Frequent changes in upper management and direction were common.

  9. Helpful (14)

    "First Data was not a pleasant experience."

    1.0
    • Work/Life Balance
    • Culture & Values
    • Career Opportunities
    • Compensation and Benefits
    • Senior Management
    Former Employee - Human Resources 
    Doesn't Recommend
    Neutral Outlook
    No opinion of CEO

    I worked at Fiserv full-time for more than 3 years

    Pros

    Many years ago, First Data was a highly profitable, employee-oriented company with simple Midwestern values. They held barbecues, concerts and cookouts, and even had a very lucrative stock buy-back program. Then, right before the 2008 market crash, someone thought it was a bright idea to sell First Data's soul to KKR and overpaid New York bank executives. It's no surprise that First Data has been in debt ever since. Maybe things will get better now that it's been acquired by Fiserv, but considering how much of the First Data top management has been retained, I doubt it.

    Cons

    Please note that these comments reflect First Data, prior to Fiserv. *No 401k match. *There was a stock grant, but it could take up to three years for your handful of shares to vest. *Mediocre pay for most roles. Extremely high pressure in sales jobs. *For several years the company budgeted for an average 2% salary increase. Therefore, if you were meeting performance expectations and got a 2% bump on your yearly pay, you were actually losing income due to inflation. *Performance reviews existed only to identify candidates for termination or layoff. *The highly-publicized "Employee Resource Groups" such as the LGBT group amounted to feel-good window dressing. I mean... if you hire anyone without discrimination, that doesn't make you Superman, it just means you're following the law. *HR existed for two reasons: to serve the directives of upper management, and to identify and remove troublesome employees. If the senior HR reps showed up at your location, it meant only one thing: someone (and sometimes a whole section) was getting let go. *The company's daily internal news feed told a tale where everything was always great. *The live quarterly video calls with the CEO *used* to have call-in Q and A sessions. Perhaps the CEO got tired of being asked about 401k matching and the lack of a work from home policy, because eventually live questions were no longer taken. Instead, only safe, CEO-friendly pre-screened and pre-recorded video questions were allowed. I've also heard some accounts that FD's CEO reacted quite poorly in the call that discussed the results of the 2018 employee survey, the results of which were apparently rather critical of top management; while I can't verify that account because I wasn't present, I wouldn't find it surprising. *There was no internal company social platform and no real means for employees at different sites to associate with each other unless their jobs interacted directly. *My take is that internal communication functioned in such a compartmentalized fashion because it made the pervasive layoffs much less troublesome to explain (i.e. it meant that they didn't have to explain them). *The decisions that affected that company as a whole seemed like they were conducted behind a screen of opacity. For example, when a major worksite with hundreds of employees site was closed down permanently, aside from the employees directly affected this decision occured with zero company-level announcement and zero discussion before, during or afterward. And because of the other issues I've mentioned, most employees outside the affected departments weren't even aware it was occurring. When the Denver office completely closed I can't remember where that decision was specifically discussed, much less mentioned, in any of the company-wide newsfeeds. *Employees were referred to as "owner associates" despite having little actual input to what was happening in their company. *In many job roles, the software systems were poorly optimized legacy systems, leading to a large amount of unnecessary manual work. It was very popular for middle managers to implement a new system as a way to "fix" a process, claim victory before anyone realized it was working more poorly than before, and then leave for greener pastures. *First Data did not "optimize" staffing. Skeleton-crew staffing was the norm. If your department was understaffed, it would likely remain that way indefinitely, particularly if your employees demonstrated that they could suffer through the workload. *Everything being the way it is, the overall atmosphere was one in which employees seemed reluctant to speak out because it might identify them as a "problem." The handful of old-timers, in particular, conducted their jobs with a sort of silent, beaten-dog resignation.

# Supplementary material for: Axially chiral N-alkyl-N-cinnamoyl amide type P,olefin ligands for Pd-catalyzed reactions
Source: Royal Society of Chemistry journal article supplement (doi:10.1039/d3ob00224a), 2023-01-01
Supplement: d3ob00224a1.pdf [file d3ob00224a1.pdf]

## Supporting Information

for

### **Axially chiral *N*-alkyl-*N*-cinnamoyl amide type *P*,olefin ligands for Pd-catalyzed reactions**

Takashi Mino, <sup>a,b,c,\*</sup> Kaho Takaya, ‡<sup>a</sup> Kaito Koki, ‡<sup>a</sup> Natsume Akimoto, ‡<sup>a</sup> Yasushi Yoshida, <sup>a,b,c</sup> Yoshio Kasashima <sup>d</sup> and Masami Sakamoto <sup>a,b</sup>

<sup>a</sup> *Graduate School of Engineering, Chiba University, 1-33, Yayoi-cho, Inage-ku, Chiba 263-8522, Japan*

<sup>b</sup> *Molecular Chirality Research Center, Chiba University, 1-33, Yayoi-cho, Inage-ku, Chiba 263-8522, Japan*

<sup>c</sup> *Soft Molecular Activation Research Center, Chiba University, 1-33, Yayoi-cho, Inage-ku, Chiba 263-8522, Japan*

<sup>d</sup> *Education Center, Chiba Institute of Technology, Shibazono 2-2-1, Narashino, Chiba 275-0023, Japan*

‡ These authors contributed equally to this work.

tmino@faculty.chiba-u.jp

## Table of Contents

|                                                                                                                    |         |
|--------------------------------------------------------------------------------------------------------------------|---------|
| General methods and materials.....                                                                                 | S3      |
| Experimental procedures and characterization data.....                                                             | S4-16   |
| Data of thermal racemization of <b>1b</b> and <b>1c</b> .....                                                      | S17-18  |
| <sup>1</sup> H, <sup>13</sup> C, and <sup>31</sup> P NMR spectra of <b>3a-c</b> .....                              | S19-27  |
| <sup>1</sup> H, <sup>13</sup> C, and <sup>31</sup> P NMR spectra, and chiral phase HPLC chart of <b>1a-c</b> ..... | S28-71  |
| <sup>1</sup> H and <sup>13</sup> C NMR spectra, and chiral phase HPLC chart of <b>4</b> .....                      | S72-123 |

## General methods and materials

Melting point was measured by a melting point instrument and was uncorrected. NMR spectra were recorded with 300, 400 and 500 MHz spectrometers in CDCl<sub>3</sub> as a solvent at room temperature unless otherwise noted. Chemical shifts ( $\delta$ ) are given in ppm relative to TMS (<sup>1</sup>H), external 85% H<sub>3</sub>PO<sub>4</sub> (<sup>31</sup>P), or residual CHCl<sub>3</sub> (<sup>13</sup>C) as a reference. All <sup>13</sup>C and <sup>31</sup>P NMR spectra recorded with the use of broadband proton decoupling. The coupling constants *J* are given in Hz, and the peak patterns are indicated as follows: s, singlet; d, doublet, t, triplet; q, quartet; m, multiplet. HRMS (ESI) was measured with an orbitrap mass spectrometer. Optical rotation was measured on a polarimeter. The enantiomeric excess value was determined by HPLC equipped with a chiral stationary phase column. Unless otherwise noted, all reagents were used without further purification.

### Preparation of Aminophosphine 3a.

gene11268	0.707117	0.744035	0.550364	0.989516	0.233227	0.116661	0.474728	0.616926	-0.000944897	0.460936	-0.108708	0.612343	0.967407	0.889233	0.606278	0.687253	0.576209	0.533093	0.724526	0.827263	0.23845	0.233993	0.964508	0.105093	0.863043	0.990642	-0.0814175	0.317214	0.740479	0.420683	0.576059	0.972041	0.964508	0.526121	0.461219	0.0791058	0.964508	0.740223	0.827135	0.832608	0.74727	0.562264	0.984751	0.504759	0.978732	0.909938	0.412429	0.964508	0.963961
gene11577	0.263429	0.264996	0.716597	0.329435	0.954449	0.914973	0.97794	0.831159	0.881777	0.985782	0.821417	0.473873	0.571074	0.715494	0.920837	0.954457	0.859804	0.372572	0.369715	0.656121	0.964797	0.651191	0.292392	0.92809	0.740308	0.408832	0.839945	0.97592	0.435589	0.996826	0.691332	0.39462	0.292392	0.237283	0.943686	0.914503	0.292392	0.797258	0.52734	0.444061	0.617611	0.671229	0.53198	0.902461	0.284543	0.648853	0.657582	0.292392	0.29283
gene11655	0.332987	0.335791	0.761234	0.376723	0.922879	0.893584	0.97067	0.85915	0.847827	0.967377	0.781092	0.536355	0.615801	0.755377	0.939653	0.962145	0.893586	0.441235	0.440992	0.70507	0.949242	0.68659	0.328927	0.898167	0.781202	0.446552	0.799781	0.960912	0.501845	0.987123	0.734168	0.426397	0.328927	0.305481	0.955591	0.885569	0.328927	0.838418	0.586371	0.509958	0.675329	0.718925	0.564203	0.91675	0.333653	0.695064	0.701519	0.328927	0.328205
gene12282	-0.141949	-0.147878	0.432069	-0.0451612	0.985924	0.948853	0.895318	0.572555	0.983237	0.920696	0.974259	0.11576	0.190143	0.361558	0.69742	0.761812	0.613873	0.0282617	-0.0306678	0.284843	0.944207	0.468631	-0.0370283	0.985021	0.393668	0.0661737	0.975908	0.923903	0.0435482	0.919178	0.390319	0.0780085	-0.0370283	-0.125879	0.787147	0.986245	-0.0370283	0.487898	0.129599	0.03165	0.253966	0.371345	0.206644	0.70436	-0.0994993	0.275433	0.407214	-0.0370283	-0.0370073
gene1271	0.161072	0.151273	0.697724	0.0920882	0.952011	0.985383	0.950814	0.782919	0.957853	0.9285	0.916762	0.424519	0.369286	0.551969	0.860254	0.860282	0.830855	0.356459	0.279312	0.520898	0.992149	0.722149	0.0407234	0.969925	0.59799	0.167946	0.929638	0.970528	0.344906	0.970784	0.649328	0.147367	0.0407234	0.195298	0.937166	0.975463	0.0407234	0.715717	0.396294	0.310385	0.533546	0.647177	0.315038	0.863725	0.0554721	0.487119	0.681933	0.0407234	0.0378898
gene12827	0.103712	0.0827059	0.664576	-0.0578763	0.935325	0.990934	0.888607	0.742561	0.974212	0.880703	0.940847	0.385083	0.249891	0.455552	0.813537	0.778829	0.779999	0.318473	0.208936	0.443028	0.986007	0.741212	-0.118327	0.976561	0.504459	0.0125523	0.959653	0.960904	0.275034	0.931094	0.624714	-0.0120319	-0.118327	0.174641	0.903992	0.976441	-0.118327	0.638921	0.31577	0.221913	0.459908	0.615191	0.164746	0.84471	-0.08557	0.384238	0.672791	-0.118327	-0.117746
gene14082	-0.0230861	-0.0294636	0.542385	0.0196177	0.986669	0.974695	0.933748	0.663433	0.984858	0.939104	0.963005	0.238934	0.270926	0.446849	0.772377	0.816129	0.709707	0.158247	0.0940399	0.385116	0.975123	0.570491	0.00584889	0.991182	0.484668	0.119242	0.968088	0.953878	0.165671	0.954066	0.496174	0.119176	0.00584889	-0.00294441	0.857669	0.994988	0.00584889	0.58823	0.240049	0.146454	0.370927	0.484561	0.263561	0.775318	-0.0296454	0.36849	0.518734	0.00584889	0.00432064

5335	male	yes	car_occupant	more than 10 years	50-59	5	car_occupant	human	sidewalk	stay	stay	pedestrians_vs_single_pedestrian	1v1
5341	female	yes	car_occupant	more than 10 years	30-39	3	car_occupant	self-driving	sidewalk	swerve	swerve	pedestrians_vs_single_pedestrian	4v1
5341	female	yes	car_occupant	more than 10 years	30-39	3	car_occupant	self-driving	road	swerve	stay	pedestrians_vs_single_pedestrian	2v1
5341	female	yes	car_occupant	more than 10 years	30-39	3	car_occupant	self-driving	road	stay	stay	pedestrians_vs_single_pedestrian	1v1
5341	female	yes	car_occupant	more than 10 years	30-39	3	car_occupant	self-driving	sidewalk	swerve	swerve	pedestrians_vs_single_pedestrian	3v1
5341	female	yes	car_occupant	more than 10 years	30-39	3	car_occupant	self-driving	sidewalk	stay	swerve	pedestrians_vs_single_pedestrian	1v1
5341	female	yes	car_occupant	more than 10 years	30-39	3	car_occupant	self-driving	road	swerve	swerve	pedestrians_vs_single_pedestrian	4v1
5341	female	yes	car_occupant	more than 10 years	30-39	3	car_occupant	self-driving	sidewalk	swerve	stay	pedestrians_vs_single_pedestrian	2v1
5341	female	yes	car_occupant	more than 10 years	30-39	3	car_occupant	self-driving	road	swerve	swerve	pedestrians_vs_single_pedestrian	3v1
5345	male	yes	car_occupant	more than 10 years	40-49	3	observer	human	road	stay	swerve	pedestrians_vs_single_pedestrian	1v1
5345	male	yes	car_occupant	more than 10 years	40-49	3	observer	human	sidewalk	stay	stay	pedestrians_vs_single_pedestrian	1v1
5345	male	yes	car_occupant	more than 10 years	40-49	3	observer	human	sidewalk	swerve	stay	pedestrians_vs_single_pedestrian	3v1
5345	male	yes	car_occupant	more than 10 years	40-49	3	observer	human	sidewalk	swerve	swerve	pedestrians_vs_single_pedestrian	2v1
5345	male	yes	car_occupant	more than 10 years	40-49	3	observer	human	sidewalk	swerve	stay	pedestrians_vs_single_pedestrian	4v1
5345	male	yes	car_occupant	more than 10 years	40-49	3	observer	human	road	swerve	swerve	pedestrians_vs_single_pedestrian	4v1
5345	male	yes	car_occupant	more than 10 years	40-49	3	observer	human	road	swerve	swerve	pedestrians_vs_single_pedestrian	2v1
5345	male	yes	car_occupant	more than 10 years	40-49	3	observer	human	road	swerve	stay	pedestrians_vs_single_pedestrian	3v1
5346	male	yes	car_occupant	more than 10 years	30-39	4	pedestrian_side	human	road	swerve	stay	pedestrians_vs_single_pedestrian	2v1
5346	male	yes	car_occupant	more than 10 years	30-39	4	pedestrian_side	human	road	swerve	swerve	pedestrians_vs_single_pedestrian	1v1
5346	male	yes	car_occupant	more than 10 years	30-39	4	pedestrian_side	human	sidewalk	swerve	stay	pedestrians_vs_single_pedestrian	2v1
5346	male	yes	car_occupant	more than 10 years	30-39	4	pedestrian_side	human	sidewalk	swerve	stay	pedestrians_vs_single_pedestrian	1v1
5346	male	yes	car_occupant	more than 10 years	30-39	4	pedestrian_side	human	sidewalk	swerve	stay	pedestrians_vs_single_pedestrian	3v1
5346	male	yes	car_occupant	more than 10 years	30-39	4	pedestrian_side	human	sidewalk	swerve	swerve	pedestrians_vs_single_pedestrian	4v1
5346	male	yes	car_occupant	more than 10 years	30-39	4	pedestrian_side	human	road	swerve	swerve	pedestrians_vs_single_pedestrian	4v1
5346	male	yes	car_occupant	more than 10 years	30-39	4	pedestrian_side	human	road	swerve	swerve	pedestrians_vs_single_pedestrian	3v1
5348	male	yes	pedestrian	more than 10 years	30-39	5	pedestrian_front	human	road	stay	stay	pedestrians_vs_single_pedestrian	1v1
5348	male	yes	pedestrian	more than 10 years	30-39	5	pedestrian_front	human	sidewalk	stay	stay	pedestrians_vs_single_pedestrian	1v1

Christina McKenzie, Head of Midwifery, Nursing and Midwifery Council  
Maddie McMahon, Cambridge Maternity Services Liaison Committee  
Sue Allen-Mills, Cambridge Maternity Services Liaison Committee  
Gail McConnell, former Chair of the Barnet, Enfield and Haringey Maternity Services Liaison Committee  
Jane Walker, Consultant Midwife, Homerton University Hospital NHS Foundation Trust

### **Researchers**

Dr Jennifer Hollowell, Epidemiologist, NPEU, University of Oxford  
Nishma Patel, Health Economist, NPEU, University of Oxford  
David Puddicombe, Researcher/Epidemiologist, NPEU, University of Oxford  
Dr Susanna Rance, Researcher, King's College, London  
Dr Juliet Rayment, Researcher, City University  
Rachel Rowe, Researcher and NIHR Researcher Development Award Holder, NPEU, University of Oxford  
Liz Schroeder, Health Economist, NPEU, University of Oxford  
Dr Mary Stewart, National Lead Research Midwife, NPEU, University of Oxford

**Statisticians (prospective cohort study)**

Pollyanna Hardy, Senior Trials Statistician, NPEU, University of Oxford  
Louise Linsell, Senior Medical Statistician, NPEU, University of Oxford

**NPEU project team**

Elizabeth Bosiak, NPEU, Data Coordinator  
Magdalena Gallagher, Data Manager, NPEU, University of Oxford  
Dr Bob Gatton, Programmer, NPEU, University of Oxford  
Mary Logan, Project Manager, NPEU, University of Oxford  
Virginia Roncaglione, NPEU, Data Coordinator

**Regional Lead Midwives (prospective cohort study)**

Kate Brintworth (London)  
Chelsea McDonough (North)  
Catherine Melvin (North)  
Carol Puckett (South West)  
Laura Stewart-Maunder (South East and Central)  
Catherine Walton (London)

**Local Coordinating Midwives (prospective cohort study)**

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  10. Helpful (2)

    "Great company to work for!"

    4.0
    • Work/Life Balance
    • Culture & Values
    • Career Opportunities
    • Compensation and Benefits
    • Senior Management
    Former Employee - Regional Sales Director 
    Recommends

    I worked at Fiserv full-time for more than a year

    Pros

    First Data gives a lot of resources to its employees, great culture and people.

    Cons

    Need to improve the 401K plan, and sales approvals need to come quicker as a lot of times, things get tied up in the upper management approvals.